Turnaround Specialist Says
His 'Product is Me'
Baltimore Sun Features John M. Collard
Strategic Management Partners
A nationally recognized turnaround management firm
specializing in interim executive leadership, asset recovery,
and investing in underperforming troubled companies.
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Turnaround specialist says his 'product is me'
Specialist: John M. Collard's job, which he has done around the world, is to
turn around distressed companies, but Network Technologies presented a difficult
By Stacey Hirsh
September 8, 2002
When John M. Collard arrived at Network Technologies Group Inc., an empty desk
and chair were all that filled his office.
There was no computer. The file drawers were empty. The walls were bare.
"There was nothing here," Collard recalled.
Normal, perhaps, for a new company.
But this Baltimore business was 6 years old, and Collard had been called in to
A turnaround specialist whose job is to rescue troubled companies, Collard had
been hired by the board of Network Technologies Group to figure out what was
going on inside, to stabilize the company, and to find and hire his replacement.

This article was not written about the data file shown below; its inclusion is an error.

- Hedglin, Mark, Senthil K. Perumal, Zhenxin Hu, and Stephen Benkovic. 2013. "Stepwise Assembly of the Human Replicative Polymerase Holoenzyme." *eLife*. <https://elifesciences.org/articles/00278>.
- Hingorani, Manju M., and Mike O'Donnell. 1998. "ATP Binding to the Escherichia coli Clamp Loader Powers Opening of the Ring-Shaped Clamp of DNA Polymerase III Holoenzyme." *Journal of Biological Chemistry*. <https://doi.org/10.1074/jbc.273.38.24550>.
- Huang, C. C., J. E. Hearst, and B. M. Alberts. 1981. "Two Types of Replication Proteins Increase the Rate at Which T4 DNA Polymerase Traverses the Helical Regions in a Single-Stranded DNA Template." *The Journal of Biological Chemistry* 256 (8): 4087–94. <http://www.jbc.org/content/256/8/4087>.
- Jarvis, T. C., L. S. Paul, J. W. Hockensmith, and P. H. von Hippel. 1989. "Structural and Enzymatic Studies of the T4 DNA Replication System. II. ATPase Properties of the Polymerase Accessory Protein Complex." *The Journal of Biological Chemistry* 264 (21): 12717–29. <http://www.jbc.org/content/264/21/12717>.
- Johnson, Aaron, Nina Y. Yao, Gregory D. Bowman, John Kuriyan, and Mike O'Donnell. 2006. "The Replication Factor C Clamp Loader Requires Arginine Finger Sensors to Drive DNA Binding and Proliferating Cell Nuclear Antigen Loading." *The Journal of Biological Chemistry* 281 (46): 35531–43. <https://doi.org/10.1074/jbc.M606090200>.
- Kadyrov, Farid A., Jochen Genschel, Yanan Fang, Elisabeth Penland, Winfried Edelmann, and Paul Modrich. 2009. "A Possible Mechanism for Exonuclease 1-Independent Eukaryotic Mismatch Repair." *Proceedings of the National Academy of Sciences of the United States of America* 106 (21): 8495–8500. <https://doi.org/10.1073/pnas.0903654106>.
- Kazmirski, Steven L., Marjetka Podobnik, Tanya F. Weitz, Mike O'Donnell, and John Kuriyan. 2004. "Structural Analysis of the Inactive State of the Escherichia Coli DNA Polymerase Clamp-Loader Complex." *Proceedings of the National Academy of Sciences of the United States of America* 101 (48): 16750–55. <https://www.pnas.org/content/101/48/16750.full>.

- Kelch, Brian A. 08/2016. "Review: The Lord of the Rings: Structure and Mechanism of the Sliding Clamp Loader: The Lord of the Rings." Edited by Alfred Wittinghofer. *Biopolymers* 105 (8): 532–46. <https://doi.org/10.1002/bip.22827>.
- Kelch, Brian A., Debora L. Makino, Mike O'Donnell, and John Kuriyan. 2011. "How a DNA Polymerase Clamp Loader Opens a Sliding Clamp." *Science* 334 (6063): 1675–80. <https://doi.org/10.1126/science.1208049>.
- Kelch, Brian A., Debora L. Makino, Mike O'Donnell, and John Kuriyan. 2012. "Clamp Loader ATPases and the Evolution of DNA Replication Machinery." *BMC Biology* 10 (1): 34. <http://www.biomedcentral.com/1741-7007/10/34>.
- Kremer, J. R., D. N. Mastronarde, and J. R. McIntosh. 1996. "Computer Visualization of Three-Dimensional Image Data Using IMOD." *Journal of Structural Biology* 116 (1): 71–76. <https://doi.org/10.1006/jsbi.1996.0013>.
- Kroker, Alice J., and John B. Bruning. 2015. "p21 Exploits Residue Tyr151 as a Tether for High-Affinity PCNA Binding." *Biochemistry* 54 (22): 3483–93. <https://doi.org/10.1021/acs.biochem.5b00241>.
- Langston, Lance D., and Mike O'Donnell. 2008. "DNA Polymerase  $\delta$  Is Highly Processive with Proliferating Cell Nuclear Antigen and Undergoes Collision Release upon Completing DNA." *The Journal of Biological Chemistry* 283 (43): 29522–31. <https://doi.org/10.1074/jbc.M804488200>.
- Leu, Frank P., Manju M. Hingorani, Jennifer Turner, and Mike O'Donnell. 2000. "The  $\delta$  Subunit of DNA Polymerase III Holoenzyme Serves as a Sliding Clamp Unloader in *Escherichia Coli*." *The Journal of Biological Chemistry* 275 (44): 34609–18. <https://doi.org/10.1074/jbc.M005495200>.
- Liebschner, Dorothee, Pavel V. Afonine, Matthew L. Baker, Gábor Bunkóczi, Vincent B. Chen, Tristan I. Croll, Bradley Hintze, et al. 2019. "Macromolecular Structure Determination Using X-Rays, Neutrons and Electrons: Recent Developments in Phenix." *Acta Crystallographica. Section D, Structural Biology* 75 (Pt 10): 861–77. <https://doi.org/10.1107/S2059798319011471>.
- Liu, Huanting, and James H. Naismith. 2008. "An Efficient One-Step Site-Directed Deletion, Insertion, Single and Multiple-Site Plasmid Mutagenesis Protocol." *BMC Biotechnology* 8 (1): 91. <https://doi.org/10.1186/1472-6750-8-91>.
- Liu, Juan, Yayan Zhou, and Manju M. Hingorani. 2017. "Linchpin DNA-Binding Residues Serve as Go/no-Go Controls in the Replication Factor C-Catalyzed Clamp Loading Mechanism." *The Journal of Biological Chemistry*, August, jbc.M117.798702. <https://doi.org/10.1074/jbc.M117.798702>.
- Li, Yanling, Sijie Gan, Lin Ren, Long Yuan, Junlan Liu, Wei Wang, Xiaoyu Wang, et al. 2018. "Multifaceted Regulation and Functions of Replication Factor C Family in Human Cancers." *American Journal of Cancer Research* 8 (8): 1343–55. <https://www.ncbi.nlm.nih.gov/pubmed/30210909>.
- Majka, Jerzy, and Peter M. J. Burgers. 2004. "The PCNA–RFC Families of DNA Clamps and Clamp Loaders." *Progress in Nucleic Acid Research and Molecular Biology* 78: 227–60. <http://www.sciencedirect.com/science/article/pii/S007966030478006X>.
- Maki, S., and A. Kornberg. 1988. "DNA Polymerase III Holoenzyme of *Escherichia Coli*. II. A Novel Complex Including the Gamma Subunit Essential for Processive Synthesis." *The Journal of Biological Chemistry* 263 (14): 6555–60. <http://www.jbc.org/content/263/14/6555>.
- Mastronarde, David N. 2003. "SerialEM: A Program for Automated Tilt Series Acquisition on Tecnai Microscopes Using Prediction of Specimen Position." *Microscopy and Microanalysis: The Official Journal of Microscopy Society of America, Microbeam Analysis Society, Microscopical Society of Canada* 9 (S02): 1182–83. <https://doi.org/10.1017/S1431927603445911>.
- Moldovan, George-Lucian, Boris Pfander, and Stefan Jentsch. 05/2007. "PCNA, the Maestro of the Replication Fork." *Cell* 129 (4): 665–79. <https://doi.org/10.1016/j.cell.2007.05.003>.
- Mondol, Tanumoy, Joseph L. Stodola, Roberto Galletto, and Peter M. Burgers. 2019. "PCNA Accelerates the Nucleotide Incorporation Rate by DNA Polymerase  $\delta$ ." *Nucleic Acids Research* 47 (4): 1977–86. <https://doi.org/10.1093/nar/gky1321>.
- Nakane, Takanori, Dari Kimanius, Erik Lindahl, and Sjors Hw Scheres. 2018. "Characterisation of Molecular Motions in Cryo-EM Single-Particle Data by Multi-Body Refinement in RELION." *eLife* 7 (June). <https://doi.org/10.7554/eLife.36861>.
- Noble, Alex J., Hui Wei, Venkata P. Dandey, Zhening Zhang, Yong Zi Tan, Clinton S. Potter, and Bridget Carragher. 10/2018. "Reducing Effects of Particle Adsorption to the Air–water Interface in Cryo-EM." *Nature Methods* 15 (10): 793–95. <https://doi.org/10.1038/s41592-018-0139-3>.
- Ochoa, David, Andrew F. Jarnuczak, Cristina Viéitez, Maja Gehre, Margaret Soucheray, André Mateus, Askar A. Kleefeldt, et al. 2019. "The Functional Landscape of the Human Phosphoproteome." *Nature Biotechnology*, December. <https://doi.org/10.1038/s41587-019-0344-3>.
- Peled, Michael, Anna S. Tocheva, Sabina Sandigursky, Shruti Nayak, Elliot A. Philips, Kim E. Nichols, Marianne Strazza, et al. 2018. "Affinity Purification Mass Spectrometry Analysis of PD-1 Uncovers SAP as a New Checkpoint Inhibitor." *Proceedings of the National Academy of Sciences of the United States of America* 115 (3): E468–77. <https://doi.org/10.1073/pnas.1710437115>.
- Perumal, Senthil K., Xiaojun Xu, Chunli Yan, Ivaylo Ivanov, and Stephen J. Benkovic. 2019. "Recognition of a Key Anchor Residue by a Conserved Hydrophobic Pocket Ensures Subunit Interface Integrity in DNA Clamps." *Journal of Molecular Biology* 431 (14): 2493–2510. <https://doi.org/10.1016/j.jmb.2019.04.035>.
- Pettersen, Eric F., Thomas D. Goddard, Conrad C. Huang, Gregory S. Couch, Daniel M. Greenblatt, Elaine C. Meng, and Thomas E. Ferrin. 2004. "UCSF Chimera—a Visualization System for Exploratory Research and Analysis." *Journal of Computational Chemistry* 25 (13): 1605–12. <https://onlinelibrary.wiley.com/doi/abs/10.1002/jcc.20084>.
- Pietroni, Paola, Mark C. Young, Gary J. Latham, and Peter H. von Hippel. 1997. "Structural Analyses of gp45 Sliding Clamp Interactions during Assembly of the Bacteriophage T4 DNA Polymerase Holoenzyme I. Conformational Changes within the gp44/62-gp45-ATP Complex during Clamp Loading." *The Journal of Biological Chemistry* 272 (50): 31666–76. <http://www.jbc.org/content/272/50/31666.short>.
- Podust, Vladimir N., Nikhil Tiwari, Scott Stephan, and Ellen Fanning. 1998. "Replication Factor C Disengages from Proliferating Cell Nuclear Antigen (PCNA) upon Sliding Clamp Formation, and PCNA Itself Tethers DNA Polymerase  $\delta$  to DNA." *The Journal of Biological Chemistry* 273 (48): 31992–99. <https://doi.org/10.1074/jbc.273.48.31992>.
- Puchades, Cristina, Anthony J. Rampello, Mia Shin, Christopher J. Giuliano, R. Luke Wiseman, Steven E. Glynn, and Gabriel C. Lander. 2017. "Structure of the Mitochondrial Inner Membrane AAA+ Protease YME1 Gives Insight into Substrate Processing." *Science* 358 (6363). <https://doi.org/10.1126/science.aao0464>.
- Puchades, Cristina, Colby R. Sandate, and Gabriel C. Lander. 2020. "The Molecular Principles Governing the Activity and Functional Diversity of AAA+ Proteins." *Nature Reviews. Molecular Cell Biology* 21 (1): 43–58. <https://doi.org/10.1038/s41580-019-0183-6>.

"What didn't surprise me was that when I walked in it was worse than I was
led to believe," said Collard, 56, who owns Strategic Management Partners
Inc. of Annapolis and has been involved in more than 40 mergers and acquisitions. "It's
always worse than I'm led to believe."
This time was different. The job wasn't just hard. It was impossible.
From the vacant office of NTG's former chief executive, Collard discovered
something even more vacant: the numbers in company's books.
Within hours of Collard's arrival July 1, the story unraveled of a small
Baltimore company suspected of being fraught with deceit and accounting schemes.
"Let's face it, this thing just imploded," Collard said.
Distressed companies are his specialty. A 1969 graduate of Southern Illinois
University, Collard grew up north of Chicago. He began his career as a financial
analyst and went on to work for nearly a decade at Martin Marietta Corp., long
before it merged with Lockheed Corp. in 1995.
But it wasn't until after he was recruited to help Delta Data Systems of
Columbia that Collard found his calling.
He shrank the company, sold its assets and took it into bankruptcy in 1990.
"That was my first client," Collard recalled. "I just said to
myself, 'My product is me and my ability to run companies.'"
Collard's other clients have been around the globe, from San Diego to
Pennsylvania to Eastern Europe to Baltimore. He typically comes into a company
as a chief executive, deputy chief executive or as a consultant for equity
capital investors, though in the future he hopes to work for a company on the
Patrick Jewel met Collard about two years ago when he was interviewing
candidates to take over Xcellent Ventures LLC, a troubled sportswear company in